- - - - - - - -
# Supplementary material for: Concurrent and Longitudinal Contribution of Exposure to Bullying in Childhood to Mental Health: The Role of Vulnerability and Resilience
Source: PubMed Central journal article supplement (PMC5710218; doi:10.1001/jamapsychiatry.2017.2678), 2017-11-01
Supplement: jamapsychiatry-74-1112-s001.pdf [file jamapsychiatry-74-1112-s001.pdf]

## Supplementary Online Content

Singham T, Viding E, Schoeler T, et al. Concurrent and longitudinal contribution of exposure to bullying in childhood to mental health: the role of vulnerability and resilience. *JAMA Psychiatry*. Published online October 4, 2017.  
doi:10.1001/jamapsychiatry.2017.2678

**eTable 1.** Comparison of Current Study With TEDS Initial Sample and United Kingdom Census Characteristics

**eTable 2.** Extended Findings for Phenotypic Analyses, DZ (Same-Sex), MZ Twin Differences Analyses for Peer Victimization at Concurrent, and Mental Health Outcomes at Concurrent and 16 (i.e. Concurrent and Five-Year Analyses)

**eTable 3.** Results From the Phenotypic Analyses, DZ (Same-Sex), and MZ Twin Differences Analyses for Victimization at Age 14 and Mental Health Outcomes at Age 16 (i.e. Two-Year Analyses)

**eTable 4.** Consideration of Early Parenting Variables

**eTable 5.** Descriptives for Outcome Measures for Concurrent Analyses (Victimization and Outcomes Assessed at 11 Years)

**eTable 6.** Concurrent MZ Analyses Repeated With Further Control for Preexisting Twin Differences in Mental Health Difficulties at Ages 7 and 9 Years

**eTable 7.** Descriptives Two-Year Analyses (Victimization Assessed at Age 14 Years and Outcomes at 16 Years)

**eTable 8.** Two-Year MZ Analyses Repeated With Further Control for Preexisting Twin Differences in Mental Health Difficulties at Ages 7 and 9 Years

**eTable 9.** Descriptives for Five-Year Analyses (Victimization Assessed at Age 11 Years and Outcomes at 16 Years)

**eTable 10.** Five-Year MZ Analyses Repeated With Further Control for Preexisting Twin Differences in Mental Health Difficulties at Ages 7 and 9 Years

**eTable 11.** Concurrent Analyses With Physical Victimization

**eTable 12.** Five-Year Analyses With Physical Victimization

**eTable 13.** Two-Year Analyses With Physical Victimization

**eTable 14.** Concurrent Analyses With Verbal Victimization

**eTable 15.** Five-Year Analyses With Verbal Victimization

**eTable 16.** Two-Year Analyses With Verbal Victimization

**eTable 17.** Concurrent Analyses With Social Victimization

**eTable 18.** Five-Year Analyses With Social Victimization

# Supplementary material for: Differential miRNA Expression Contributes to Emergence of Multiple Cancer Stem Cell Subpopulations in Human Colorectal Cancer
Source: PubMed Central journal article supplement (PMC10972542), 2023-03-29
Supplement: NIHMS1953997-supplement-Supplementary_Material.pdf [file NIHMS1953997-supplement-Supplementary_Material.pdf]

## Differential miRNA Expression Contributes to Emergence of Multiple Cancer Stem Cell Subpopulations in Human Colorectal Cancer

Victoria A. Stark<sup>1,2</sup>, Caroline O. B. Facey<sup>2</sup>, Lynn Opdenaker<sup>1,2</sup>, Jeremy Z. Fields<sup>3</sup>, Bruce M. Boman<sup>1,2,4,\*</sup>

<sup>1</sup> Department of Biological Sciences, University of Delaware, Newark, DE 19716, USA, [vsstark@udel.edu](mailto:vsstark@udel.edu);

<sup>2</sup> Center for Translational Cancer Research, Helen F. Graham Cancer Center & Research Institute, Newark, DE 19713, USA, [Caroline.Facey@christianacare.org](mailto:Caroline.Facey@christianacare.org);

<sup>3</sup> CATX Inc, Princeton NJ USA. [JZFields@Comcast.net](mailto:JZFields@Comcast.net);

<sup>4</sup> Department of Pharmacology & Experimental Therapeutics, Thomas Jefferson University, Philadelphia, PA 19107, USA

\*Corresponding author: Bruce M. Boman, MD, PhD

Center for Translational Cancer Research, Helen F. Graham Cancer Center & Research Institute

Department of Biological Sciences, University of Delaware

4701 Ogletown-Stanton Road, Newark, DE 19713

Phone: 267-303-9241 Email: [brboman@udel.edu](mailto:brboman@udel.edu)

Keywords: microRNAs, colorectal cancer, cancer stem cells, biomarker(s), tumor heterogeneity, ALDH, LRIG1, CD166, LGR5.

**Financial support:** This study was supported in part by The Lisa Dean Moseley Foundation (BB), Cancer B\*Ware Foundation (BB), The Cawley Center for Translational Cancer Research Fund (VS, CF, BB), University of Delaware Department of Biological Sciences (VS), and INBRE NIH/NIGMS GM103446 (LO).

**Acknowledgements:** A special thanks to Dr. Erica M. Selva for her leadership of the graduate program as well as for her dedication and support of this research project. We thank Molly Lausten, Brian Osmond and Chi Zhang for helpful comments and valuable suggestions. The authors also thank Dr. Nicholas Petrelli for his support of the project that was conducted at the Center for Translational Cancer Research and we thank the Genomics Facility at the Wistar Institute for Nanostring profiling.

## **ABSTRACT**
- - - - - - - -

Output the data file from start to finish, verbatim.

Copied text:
# Supplementary material for: Concurrent and Longitudinal Contribution of Exposure to Bullying in Childhood to Mental Health: The Role of Vulnerability and Resilience
Source: PubMed Central journal article supplement (PMC5710218; doi:10.1001/jamapsychiatry.2017.2678), 2017-11-01
Supplement: jamapsychiatry-74-1112-s001.pdf [file jamapsychiatry-74-1112-s001.pdf]

## Supplementary Online Content

Singham T, Viding E, Schoeler T, et al. Concurrent and longitudinal contribution of exposure to bullying in childhood to mental health: the role of vulnerability and resilience. *JAMA Psychiatry*. Published online October 4, 2017.  
doi:10.1001/jamapsychiatry.2017.2678

**eTable 1.** Comparison of Current Study With TEDS Initial Sample and United Kingdom Census Characteristics

**eTable 2.** Extended Findings for Phenotypic Analyses, DZ (Same-Sex), MZ Twin Differences Analyses for Peer Victimization at Concurrent, and Mental Health Outcomes at Concurrent and 16 (i.e. Concurrent and Five-Year Analyses)

**eTable 3.** Results From the Phenotypic Analyses, DZ (Same-Sex), and MZ Twin Differences Analyses for Victimization at Age 14 and Mental Health Outcomes at Age 16 (i.e. Two-Year Analyses)

**eTable 4.** Consideration of Early Parenting Variables

**eTable 5.** Descriptives for Outcome Measures for Concurrent Analyses (Victimization and Outcomes Assessed at 11 Years)

**eTable 6.** Concurrent MZ Analyses Repeated With Further Control for Preexisting Twin Differences in Mental Health Difficulties at Ages 7 and 9 Years

**eTable 7.** Descriptives Two-Year Analyses (Victimization Assessed at Age 14 Years and Outcomes at 16 Years)

**eTable 8.** Two-Year MZ Analyses Repeated With Further Control for Preexisting Twin Differences in Mental Health Difficulties at Ages 7 and 9 Years

**eTable 9.** Descriptives for Five-Year Analyses (Victimization Assessed at Age 11 Years and Outcomes at 16 Years)

**eTable 10.** Five-Year MZ Analyses Repeated With Further Control for Preexisting Twin Differences in Mental Health Difficulties at Ages 7 and 9 Years

**eTable 11.** Concurrent Analyses With Physical Victimization

**eTable 12.** Five-Year Analyses With Physical Victimization

**eTable 13.** Two-Year Analyses With Physical Victimization

**eTable 14.** Concurrent Analyses With Verbal Victimization

**eTable 15.** Five-Year Analyses With Verbal Victimization

**eTable 16.** Two-Year Analyses With Verbal Victimization

**eTable 17.** Concurrent Analyses With Social Victimization

**eTable 18.** Five-Year Analyses With Social Victimization

# Supplementary material for: Differential miRNA Expression Contributes to Emergence of Multiple Cancer Stem Cell Subpopulations in Human Colorectal Cancer
Source: PubMed Central journal article supplement (PMC10972542), 2023-03-29
Supplement: NIHMS1953997-supplement-Supplementary_Material.pdf [file NIHMS1953997-supplement-Supplementary_Material.pdf]

## Differential miRNA Expression Contributes to Emergence of Multiple Cancer Stem Cell Subpopulations in Human Colorectal Cancer

Victoria A. Stark<sup>1,2</sup>, Caroline O. B. Facey<sup>2</sup>, Lynn Opdenaker<sup>1,2</sup>, Jeremy Z. Fields<sup>3</sup>, Bruce M. Boman<sup>1,2,4,\*</sup>

<sup>1</sup> Department of Biological Sciences, University of Delaware, Newark, DE 19716, USA, [vsstark@udel.edu](mailto:vsstark@udel.edu);

<sup>2</sup> Center for Translational Cancer Research, Helen F. Graham Cancer Center & Research Institute, Newark, DE 19713, USA, [Caroline.Facey@christianacare.org](mailto:Caroline.Facey@christianacare.org);

<sup>3</sup> CATX Inc, Princeton NJ USA. [JZFields@Comcast.net](mailto:JZFields@Comcast.net);

<sup>4</sup> Department of Pharmacology & Experimental Therapeutics, Thomas Jefferson University, Philadelphia, PA 19107, USA

\*Corresponding author: Bruce M. Boman, MD, PhD

Center for Translational Cancer Research, Helen F. Graham Cancer Center & Research Institute

Department of Biological Sciences, University of Delaware

4701 Ogletown-Stanton Road, Newark, DE 19713

Phone: 267-303-9241 Email: [brboman@udel.edu](mailto:brboman@udel.edu)

Keywords: microRNAs, colorectal cancer, cancer stem cells, biomarker(s), tumor heterogeneity, ALDH, LRIG1, CD166, LGR5.

**Financial support:** This study was supported in part by The Lisa Dean Moseley Foundation (BB), Cancer B\*Ware Foundation (BB), The Cawley Center for Translational Cancer Research Fund (VS, CF, BB), University of Delaware Department of Biological Sciences (VS), and INBRE NIH/NIGMS GM103446 (LO).

**Acknowledgements:** A special thanks to Dr. Erica M. Selva for her leadership of the graduate program as well as for her dedication and support of this research project. We thank Molly Lausten, Brian Osmond and Chi Zhang for helpful comments and valuable suggestions. The authors also thank Dr. Nicholas Petrelli for his support of the project that was conducted at the Center for Translational Cancer Research and we thank the Genomics Facility at the Wistar Institute for Nanostring profiling.

## **ABSTRACT**